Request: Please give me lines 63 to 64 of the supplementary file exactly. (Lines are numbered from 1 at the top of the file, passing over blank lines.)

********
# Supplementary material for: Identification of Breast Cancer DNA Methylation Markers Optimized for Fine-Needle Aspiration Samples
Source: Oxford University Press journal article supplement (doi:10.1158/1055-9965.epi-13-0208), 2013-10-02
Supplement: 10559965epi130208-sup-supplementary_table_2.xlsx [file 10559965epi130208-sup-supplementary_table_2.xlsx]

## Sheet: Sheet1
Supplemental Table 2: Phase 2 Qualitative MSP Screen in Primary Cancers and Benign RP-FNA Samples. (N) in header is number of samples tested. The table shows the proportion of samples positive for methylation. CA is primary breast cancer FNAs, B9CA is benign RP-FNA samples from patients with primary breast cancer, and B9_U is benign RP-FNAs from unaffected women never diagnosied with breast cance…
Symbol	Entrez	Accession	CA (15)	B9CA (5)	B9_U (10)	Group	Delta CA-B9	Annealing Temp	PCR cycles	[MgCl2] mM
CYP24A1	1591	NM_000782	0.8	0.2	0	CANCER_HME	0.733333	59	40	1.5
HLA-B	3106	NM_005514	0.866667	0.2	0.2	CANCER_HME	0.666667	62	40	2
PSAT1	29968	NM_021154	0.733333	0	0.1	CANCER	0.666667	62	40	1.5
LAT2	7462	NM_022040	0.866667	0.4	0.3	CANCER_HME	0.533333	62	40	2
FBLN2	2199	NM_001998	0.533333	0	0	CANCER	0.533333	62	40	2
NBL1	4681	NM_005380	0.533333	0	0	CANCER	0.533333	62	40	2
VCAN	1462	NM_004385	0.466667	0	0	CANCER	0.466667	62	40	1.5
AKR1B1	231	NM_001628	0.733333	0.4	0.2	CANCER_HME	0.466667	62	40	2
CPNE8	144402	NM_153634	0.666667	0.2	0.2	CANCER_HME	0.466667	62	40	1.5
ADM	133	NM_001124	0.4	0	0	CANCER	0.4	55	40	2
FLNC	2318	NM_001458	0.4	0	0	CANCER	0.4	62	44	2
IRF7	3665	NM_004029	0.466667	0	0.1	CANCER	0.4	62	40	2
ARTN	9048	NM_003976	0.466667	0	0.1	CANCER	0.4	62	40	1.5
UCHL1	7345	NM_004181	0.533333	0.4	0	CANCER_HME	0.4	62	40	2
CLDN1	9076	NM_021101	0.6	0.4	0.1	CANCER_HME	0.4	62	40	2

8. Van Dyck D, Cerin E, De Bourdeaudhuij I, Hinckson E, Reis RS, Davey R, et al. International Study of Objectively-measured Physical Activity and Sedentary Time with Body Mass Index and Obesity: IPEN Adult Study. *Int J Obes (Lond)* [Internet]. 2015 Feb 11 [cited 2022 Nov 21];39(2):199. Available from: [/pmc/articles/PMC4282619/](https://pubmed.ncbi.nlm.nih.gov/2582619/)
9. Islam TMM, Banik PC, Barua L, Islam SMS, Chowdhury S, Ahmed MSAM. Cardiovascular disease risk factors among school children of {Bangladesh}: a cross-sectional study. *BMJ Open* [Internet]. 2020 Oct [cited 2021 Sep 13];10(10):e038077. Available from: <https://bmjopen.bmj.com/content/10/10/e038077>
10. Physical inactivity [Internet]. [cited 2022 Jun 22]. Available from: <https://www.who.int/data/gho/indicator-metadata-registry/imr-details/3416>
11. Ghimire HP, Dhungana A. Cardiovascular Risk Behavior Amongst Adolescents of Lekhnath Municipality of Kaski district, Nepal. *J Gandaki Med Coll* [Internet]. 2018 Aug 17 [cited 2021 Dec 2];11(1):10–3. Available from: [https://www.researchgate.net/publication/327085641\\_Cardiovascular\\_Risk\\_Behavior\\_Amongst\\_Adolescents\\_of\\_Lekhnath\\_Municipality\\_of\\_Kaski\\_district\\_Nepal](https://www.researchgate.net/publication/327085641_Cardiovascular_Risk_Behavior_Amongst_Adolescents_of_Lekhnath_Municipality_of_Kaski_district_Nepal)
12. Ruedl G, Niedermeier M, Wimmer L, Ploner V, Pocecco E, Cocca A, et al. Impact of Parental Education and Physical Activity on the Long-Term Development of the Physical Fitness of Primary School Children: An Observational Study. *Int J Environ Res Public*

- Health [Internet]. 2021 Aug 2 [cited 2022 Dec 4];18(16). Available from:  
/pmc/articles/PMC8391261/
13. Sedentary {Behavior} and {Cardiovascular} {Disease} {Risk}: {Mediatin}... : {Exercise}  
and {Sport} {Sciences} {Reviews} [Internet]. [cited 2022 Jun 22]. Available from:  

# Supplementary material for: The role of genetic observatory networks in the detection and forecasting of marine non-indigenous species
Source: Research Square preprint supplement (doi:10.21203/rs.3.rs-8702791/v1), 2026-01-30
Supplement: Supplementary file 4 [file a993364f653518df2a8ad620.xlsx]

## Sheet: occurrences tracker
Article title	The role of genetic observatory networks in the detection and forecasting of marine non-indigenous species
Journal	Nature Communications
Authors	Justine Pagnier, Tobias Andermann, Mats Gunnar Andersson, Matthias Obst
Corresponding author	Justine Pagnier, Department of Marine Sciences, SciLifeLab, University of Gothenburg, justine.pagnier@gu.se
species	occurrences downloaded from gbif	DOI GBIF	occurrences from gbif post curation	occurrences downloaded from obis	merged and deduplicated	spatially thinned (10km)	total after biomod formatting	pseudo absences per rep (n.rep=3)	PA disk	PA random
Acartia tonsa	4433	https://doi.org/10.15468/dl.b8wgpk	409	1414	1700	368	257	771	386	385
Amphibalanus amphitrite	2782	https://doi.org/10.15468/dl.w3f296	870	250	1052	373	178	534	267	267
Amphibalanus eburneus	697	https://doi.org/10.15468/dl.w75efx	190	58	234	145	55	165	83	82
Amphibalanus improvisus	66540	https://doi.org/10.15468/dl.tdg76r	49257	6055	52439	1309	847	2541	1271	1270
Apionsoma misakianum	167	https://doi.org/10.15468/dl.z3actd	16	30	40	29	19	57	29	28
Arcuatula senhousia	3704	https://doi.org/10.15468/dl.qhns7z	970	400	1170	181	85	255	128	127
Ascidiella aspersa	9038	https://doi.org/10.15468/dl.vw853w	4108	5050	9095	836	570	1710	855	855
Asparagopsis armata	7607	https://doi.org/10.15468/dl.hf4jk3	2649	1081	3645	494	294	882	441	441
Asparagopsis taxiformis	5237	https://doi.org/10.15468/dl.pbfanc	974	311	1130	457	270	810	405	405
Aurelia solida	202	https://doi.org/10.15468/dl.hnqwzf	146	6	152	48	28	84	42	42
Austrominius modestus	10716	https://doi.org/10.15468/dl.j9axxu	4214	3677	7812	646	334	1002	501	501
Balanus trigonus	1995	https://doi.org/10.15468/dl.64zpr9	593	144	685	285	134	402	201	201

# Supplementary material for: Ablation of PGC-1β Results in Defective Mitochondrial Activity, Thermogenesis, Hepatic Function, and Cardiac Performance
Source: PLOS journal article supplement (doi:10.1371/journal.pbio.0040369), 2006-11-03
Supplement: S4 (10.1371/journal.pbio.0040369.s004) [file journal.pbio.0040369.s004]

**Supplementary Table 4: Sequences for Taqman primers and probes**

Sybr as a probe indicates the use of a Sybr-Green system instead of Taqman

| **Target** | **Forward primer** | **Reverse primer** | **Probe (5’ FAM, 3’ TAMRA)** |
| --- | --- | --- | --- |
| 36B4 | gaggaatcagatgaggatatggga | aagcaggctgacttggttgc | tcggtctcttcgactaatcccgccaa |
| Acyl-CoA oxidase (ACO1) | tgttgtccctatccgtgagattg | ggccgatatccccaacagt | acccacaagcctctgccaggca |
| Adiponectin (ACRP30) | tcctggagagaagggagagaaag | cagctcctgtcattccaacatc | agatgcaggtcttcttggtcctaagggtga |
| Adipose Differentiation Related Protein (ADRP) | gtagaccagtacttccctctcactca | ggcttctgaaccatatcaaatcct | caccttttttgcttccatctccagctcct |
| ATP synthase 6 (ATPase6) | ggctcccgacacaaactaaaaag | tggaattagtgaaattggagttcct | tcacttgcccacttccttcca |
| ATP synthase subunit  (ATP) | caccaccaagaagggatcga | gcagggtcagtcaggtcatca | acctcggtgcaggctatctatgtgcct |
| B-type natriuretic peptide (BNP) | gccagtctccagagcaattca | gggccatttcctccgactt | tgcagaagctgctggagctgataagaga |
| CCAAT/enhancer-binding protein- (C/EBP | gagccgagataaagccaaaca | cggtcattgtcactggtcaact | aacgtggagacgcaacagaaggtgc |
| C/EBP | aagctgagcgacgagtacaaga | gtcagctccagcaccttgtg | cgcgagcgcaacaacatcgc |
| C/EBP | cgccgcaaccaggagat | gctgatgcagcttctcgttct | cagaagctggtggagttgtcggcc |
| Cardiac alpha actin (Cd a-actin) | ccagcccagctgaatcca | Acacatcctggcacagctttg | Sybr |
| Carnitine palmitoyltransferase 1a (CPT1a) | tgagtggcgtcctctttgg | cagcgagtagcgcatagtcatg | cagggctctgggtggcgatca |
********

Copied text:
| ATP synthase 6 (ATPase6) | ggctcccgacacaaactaaaaag | tggaattagtgaaattggagttcct | tcacttgcccacttccttcca |
| ATP synthase subunit  (ATP) | caccaccaagaagggatcga | gcagggtcagtcaggtcatca | acctcggtgcaggctatctatgtgcct |